Root vegetables & tubers

Carrots, parsnips, beetroot, and potatoes are typical of this category of food. Though they can be high in calories, they also give you fibre, which takes longer to digest and keeps your blood sugar more stable. And they’re loaded with nutrients that help protect your cells, lower your cholesterol, and help fight infection.

Nuts and seeds

They’re a source of complex carbohydrates and fibre, as are whole grains, berries, and vegetables. They’re rich in zinc, copper, potassium, vitamin E, niacin, antioxidants, and mono- and poly-unsaturated fats.

Cholesterol

This way of eating may help lower “bad” (LDL) cholesterol in people who start out with higher than normal LDL levels. And it may work even for people who don’t lose weight on the diet.

You should get a cholesterol blood test every 4 to 6 years — more often if you have heart health problems.

Obesity

When people shift to this way of eating, they tend to lose weight, especially the fat you carry around your waist. That’s better for you than losing it from elsewhere on your body. And if you follow this plan, it may help you keep those pounds off.

People in Denmark were more likely to stick with the diet and said they were more satisfied, compared with those who didn’t change their eating habits.

Heart disease

Unhealthy cholesterol, blood pressure, glucose, and insulin levels are all “risk factors” for heart disease — that is, they make you more likely to get it. Because the Nordic diet seems to improve these issues in many people, scientists think this way of eating might help support heart health, too.

Type 2 diabetes

As with heart disease, this approach helps ease some of the issues linked to type 2 diabetes, like inflammation and obesity. That’s why many doctors believe it probably helps prevent the disease over the long term.

Inflammation

It means the swelling of tissues all over your body, and it’s linked to diseases like diabetes, heart disease, and high blood pressure that can lessen the quality and length of your life.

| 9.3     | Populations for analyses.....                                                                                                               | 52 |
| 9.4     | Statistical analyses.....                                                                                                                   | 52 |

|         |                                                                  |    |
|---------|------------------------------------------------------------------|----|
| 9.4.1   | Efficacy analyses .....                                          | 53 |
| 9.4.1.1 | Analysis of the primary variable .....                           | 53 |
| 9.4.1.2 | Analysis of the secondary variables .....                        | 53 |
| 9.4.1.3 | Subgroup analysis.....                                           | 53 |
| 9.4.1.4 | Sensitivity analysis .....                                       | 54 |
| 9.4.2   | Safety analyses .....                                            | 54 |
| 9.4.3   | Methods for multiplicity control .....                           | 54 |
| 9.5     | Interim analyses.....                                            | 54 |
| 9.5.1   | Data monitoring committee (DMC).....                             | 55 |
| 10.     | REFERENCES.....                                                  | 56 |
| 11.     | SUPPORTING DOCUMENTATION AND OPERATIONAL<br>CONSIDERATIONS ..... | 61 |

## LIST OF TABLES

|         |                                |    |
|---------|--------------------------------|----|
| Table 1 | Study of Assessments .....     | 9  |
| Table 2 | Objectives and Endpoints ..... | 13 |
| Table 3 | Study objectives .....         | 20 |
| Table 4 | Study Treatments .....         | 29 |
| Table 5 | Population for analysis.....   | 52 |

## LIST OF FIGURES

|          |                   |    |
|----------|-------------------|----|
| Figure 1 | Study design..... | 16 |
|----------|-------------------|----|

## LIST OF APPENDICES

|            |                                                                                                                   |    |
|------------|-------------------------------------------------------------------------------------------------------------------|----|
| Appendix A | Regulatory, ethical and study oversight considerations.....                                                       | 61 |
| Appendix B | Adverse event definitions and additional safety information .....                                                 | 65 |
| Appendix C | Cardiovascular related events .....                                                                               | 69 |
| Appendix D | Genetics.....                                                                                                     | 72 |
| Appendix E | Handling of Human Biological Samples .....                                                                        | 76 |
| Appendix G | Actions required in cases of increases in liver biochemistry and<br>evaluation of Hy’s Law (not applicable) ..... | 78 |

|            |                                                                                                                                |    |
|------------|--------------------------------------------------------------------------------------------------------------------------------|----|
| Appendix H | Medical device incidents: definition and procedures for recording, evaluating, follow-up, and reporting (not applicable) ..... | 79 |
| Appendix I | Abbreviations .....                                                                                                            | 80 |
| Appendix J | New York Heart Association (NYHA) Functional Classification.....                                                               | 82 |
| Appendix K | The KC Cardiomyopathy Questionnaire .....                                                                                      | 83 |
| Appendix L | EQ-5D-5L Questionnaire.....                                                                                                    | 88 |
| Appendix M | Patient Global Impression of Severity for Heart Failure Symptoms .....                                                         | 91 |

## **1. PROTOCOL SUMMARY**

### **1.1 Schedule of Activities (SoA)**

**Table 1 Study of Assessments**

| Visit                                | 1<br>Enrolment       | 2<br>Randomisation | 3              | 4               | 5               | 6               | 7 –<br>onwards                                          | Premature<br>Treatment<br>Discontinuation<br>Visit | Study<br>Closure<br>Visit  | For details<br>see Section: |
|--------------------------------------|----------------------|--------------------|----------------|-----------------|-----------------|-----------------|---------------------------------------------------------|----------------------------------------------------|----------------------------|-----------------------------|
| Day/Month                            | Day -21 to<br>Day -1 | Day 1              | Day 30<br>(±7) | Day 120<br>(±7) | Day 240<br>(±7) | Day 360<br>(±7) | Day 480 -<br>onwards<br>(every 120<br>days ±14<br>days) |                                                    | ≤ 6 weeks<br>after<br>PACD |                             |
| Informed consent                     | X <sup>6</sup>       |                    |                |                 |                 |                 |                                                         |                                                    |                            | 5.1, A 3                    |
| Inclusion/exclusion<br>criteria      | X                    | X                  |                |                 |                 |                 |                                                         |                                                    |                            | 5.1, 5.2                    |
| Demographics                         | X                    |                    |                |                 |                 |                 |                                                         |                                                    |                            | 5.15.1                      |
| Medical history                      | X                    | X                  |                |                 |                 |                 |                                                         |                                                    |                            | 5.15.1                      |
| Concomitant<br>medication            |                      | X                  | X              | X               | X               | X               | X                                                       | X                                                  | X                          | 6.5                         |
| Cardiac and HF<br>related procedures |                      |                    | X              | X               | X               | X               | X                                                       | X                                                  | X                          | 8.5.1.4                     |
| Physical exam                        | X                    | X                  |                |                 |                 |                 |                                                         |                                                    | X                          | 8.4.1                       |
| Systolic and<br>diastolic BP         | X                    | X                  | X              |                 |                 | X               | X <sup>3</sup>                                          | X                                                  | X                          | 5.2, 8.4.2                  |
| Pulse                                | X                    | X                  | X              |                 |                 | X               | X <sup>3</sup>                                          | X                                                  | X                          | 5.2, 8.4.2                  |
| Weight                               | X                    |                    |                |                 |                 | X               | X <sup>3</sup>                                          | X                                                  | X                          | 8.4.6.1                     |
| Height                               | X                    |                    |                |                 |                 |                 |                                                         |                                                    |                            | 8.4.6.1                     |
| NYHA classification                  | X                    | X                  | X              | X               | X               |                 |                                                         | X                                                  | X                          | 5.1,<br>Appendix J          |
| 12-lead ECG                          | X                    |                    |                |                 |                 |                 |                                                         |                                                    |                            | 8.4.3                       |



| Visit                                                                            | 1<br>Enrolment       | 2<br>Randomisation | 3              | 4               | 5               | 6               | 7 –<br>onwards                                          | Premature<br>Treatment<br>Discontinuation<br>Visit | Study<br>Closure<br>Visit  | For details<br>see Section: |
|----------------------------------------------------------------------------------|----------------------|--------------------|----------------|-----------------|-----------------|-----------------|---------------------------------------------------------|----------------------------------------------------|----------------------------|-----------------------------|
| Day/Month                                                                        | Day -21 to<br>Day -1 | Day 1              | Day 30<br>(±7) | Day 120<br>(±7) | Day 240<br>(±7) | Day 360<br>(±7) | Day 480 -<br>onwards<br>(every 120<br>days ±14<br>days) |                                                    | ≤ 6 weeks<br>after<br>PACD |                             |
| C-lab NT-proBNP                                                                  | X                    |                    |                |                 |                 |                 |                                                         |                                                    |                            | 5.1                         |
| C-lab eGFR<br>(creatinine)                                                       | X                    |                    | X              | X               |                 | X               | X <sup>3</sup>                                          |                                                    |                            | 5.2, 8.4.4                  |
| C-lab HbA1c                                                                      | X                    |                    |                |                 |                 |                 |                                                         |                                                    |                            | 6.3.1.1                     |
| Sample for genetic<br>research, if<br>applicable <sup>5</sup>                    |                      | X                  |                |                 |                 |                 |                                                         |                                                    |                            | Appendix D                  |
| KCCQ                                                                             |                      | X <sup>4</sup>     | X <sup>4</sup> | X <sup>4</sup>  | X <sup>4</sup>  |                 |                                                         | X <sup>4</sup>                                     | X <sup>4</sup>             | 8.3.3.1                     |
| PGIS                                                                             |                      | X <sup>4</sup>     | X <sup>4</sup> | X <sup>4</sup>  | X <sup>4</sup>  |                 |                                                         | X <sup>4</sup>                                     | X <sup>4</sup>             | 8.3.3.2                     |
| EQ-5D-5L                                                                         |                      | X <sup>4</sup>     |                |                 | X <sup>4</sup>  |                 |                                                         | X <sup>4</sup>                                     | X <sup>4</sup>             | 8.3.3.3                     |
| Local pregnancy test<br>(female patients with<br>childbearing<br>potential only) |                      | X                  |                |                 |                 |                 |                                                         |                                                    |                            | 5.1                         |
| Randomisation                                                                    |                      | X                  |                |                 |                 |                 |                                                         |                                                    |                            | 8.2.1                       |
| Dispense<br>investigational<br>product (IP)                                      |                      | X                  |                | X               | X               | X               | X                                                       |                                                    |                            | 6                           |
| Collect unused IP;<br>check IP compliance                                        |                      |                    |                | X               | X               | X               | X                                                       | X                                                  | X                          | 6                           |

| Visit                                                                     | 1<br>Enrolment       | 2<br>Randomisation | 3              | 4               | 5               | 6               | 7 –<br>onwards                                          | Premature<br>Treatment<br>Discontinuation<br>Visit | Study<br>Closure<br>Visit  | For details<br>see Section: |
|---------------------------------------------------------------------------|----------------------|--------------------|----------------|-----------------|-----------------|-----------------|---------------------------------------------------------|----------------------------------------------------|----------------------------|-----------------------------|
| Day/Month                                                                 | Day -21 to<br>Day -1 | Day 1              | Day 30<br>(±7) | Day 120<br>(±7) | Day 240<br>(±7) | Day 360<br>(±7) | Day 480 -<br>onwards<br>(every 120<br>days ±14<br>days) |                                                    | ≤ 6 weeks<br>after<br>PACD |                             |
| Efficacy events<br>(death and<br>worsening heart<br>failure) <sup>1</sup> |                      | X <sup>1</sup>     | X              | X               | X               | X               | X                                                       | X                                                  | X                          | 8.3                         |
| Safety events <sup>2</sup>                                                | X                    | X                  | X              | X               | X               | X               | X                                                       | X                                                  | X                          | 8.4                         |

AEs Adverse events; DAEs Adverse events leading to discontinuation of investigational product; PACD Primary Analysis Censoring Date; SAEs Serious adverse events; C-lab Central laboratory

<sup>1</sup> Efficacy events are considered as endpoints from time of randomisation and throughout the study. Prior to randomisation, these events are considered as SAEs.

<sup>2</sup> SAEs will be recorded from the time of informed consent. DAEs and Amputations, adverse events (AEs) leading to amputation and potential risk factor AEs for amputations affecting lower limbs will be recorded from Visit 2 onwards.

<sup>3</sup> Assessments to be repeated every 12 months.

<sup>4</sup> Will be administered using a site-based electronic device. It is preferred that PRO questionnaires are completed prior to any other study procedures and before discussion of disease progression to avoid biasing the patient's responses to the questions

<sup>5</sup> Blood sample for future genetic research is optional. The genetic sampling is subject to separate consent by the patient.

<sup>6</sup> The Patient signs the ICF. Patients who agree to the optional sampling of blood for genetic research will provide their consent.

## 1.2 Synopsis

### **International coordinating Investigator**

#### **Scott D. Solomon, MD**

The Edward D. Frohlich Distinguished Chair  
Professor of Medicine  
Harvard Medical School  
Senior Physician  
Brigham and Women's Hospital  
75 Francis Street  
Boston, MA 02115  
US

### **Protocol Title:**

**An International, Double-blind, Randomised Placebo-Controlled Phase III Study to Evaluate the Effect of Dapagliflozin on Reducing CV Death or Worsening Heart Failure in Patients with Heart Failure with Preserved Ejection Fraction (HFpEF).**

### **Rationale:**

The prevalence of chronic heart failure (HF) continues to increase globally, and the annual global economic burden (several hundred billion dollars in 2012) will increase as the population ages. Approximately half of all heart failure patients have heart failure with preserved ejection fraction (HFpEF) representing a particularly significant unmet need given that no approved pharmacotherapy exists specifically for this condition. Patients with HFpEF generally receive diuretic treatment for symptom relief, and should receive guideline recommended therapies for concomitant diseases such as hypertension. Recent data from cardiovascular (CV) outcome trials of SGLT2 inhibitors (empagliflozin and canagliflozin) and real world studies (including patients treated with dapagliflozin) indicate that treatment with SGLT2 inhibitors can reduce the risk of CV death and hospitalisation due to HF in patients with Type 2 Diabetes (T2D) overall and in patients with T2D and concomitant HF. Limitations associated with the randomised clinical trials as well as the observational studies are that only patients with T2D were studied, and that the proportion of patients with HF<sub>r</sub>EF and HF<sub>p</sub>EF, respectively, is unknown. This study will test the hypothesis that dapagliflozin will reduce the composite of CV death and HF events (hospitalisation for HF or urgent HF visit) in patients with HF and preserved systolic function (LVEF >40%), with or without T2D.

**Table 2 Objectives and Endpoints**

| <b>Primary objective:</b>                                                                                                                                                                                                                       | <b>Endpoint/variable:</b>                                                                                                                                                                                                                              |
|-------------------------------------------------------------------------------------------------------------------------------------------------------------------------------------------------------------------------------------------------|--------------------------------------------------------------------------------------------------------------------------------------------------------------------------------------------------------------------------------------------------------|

Other inflammation conditions include allergies, asthma, autoimmune diseases, coeliac disease, inflammatory bowel disease, lupus and rheumatoid arthritis.

A healthy Nordic-style diet seems to be a good way to keep inflammation at bay, and certainly worth considering if you suffer from any such conditions.

Lifestyle and the environment  

Of course, diet is not the only cause for weight gain, there are hormonal factors such as oestrogen dominance and lifestyle choices around exercise and healthy living including getting good sleep.

One of the main goals of the Nordic diet is to be environmentally friendly so while it’s good for your health to eat a diet that’s more plant-based than animal-based, it’s also good for the planet. That’s because plant-based foods are less taxing on the land, the climate, and the atmosphere. So you can make yourself healthy and do something for the Earth while you’re at it.

Helpful information:

This may not seem as difficult to achieve as you may think as the simple steps of healthy diet choices, regular exercise and tackling stress or sleep issues will make a big difference.

If your stress or sleep issues are related to oestrogen dominance and hormonal factors then check whether you need to look at rebalancing your hormone levels to increase the benefits of progesterone to help with menopause symptoms.

What Signs of Oestrogen Dominance Do You Have?

Don’t Underestimate The Effect Of Stress On Your Hormonal Symptoms